lower 9th ward

Eve Abrams / WWNO

Since its formation in 2006, the Lower 9th Ward Center for Sustainable Engagement and Development has worked hard to advocate for a healthier, more sustainable Lower 9th Ward.

“We are in the Lower 9th Ward of New Orleans, Louisiana,” declares Arthur Johnson, CEO of the Lower 9th Ward Center for Sustainable Engagement and Development. “This is on the Holy Cross side. The river is right on my right. I can see the tall ships from here.  That’s how close we are to the river.

A third man and a woman have been arrested in connection with a drive-by shooting in the Lower 9th Ward that killed two people and injured five.

Two boys and their mother were among the wounded.

New Orleans police say 23-year-old Joseph Nelson III is accused of being one of two gunmen who fired into a group on Aug. 10. Police say 25-year-old Ashley Shorts allegedly helped one of those two avoid detection.

Nelson was booked yesterday with two counts of first-degree murder and five of attempted first-degree murder.

Jesse Hardman

Every week WWNO's Listening Post project asks questions about local news in New Orleans and the Gulf Coast and reports back on the community's response. This week's topic is, once again, violence in New Orleans.

On August 10, 2014, two people were killed and five were injured in a drive-by shooting in the Lower 9th Ward. Two children were severely wounded in the incident

Jesse Hardman / WWNO

New Orleans officials are asking the public for help in finding the gunman who killed two people and injured five others in a weekend drive-by shooting. Police have made some progress in the investigation.

Hanna Rasanen

If you’ve ever driven through the Lower 9th Ward, you know that there is lots of land out there.

On this week’s Notes from New Orleans Sharon Litwin catches up with Lower Nine gardener Jenga Mwendo of the Backyard Gardeners Network about putting vacant lots to use and what’s been happening in her neighborhood since the last time the two of them talked.  

To read more about the Backyard Gardeners Network, visit NolaVie.com.

Eve Troeh / WWNO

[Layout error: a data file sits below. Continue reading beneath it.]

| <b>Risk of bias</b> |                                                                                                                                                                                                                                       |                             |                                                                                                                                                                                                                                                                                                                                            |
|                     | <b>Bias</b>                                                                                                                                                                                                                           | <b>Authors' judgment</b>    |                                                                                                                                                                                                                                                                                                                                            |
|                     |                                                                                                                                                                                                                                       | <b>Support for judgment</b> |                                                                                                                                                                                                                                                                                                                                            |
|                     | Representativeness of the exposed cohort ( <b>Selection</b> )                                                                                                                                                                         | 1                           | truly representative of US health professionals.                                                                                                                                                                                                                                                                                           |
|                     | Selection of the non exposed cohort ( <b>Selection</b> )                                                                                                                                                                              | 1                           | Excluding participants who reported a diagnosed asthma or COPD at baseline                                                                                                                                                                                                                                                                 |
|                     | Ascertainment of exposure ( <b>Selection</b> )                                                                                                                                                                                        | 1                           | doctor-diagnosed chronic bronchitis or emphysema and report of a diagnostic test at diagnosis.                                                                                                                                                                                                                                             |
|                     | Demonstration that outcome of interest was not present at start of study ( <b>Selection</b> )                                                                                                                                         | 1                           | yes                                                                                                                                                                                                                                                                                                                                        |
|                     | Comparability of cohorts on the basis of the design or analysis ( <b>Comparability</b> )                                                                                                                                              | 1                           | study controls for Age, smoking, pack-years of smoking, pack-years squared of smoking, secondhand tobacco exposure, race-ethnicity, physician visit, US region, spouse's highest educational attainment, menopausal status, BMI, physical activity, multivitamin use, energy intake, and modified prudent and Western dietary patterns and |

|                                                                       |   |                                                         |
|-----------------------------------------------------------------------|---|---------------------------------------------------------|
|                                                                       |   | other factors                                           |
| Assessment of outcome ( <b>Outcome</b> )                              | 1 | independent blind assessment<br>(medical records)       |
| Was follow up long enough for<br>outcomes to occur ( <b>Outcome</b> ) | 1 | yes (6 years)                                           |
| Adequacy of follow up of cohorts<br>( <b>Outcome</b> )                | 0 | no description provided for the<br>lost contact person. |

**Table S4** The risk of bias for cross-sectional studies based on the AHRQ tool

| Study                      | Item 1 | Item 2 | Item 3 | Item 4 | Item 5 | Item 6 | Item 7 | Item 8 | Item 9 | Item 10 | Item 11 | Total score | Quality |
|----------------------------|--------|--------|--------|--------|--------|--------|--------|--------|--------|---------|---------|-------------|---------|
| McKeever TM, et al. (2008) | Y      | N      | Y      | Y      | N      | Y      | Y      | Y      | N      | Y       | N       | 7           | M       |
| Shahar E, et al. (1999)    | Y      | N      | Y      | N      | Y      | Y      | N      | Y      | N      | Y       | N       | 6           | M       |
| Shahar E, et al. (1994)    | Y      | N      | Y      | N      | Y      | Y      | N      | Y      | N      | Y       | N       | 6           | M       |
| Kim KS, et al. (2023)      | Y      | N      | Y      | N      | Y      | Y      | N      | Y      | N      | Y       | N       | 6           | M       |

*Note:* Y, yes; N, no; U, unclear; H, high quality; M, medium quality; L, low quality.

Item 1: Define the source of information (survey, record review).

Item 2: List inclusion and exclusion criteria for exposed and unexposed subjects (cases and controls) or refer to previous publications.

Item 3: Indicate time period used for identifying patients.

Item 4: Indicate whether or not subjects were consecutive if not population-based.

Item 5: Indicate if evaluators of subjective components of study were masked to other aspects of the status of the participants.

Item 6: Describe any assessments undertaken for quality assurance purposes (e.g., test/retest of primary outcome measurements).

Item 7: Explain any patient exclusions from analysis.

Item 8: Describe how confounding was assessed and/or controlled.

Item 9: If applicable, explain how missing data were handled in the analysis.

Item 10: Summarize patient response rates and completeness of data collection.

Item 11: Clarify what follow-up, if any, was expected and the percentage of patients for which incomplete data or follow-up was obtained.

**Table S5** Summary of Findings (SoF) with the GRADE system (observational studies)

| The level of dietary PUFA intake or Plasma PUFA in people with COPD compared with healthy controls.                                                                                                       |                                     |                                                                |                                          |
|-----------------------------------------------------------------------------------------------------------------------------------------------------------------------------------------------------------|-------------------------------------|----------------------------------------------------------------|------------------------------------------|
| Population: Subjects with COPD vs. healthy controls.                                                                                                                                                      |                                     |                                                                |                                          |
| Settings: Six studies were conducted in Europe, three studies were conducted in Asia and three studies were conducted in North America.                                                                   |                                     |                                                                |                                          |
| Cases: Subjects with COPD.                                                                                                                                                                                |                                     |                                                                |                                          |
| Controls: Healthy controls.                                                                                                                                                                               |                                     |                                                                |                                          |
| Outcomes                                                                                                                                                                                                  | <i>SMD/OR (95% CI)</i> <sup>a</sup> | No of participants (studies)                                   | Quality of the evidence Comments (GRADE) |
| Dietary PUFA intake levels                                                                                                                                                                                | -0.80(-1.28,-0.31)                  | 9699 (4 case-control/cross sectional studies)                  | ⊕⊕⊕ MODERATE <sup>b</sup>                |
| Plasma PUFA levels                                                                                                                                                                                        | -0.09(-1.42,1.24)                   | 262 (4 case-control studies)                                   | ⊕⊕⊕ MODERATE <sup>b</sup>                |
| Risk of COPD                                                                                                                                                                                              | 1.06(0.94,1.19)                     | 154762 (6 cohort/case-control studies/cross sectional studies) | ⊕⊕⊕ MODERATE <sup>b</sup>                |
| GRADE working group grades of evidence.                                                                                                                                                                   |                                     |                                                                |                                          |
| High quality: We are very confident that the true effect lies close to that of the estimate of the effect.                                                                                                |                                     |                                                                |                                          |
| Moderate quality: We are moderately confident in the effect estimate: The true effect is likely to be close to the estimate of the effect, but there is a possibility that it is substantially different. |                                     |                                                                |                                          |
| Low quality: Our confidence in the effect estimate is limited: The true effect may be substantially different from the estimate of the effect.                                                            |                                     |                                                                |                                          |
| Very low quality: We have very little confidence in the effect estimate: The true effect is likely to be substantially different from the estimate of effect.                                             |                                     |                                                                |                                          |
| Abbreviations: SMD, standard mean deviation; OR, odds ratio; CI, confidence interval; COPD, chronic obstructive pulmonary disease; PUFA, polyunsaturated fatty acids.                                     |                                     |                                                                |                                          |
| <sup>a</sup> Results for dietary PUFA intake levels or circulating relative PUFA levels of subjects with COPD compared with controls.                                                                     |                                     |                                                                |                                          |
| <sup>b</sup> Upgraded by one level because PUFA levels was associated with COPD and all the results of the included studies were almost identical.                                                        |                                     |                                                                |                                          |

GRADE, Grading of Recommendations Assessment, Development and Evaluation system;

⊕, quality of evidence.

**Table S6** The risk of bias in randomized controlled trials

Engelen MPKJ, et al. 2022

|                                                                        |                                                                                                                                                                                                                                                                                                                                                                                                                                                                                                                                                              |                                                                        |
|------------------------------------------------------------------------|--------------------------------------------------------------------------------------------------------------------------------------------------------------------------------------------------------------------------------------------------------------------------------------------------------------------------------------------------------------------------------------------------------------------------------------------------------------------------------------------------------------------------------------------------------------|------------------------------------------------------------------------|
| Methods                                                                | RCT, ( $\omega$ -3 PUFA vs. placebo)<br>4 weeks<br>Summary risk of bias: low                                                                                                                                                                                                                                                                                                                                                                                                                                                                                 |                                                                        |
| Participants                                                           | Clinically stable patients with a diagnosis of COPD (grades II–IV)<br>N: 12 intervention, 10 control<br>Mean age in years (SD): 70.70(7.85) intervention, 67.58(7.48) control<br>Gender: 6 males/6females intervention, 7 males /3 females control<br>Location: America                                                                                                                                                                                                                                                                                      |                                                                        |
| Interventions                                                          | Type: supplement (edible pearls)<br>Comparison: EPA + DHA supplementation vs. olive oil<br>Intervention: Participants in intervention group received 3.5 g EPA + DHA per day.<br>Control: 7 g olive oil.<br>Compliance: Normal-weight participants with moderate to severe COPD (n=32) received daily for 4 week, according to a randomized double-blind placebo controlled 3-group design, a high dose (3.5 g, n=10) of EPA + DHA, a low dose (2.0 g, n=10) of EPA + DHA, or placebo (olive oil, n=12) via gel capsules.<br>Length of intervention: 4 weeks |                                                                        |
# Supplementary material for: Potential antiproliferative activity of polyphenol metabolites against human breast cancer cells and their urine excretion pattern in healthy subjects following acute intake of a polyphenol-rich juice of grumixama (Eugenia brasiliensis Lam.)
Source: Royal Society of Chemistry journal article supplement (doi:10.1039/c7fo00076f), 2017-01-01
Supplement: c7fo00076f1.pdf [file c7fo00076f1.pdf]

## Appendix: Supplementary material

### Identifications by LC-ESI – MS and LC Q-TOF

The Bayou Bienvenue Wetland Triangle of today is what is called a “ghost swamp”. Until the 1960s, it was a full of cypress trees, part of the central wetlands system that ran from the Lower 9th Ward all the way to Lake Borgne. But destructive forces — from levee and canal construction to invasive species — turned this freshwater swamp into a saltwater marsh, killing all the cypress trees in the process. You see their dead trunks like scarecrows in the water, and don’t see much else.

Laine Kaplan-Levenson / WWNO

The Bayou Bienvenue Wetland Triangle of today is what is called a “ghost swamp”. Until the 1960s, it was a full of cypress trees, part of the central wetlands system that ran from the Lower 9th Ward all the way to Lake Borgne. But destructive forces — from levee and canal construction to invasive species — turned this freshwater swamp into a saltwater marsh, killing all the cypress trees in the process. You see their dead trunks like scarecrows in the water, and don’t see much else.

Laine Kaplan-Levenson / WWNO

The Bayou Bienvenue Wetland Triangle of today is what is called a “ghost swamp”. Until the 1960s, it was a full of cypress trees, part of the central wetlands system that ran from the Lower 9th Ward all the way to Lake Borgne. But destructive forces — from levee and canal construction to invasive species — turned this freshwater swamp into a saltwater marsh, killing all the cypress trees in the process. You see their dead trunks like scarecrows in the water, and don’t see much else.

Laine Kaplan-Levenson / WWNO

The Bayou Bienvenue Wetland Triangle of today is what is called a “ghost swamp.” Until the 1960s, it was a full of cypress trees, part of the central wetlands system that ran from the Lower 9th Ward all the way to Lake Borgne. But destructive forces — from levee and canal construction to invasive species — turned this freshwater swamp into a saltwater marsh, killing all the cypress trees in the process. You see their dead trunks like scarecrows in the water, and don’t see much else.

Eve Troeh / WWNO

The Bayou Bienvenue Wetland Triangle of today is what is called a “ghost swamp”. Until the 1960s, it was a full of cypress trees, part of the central wetlands system that ran from the Lower 9th Ward all the way to Lake Borgne. But destructive forces — from levee and canal construction to invasive species — turned this freshwater swamp into a saltwater marsh, killing all the cypress trees in the process. You see their dead trunks like scarecrows in the water, and don’t see much else.

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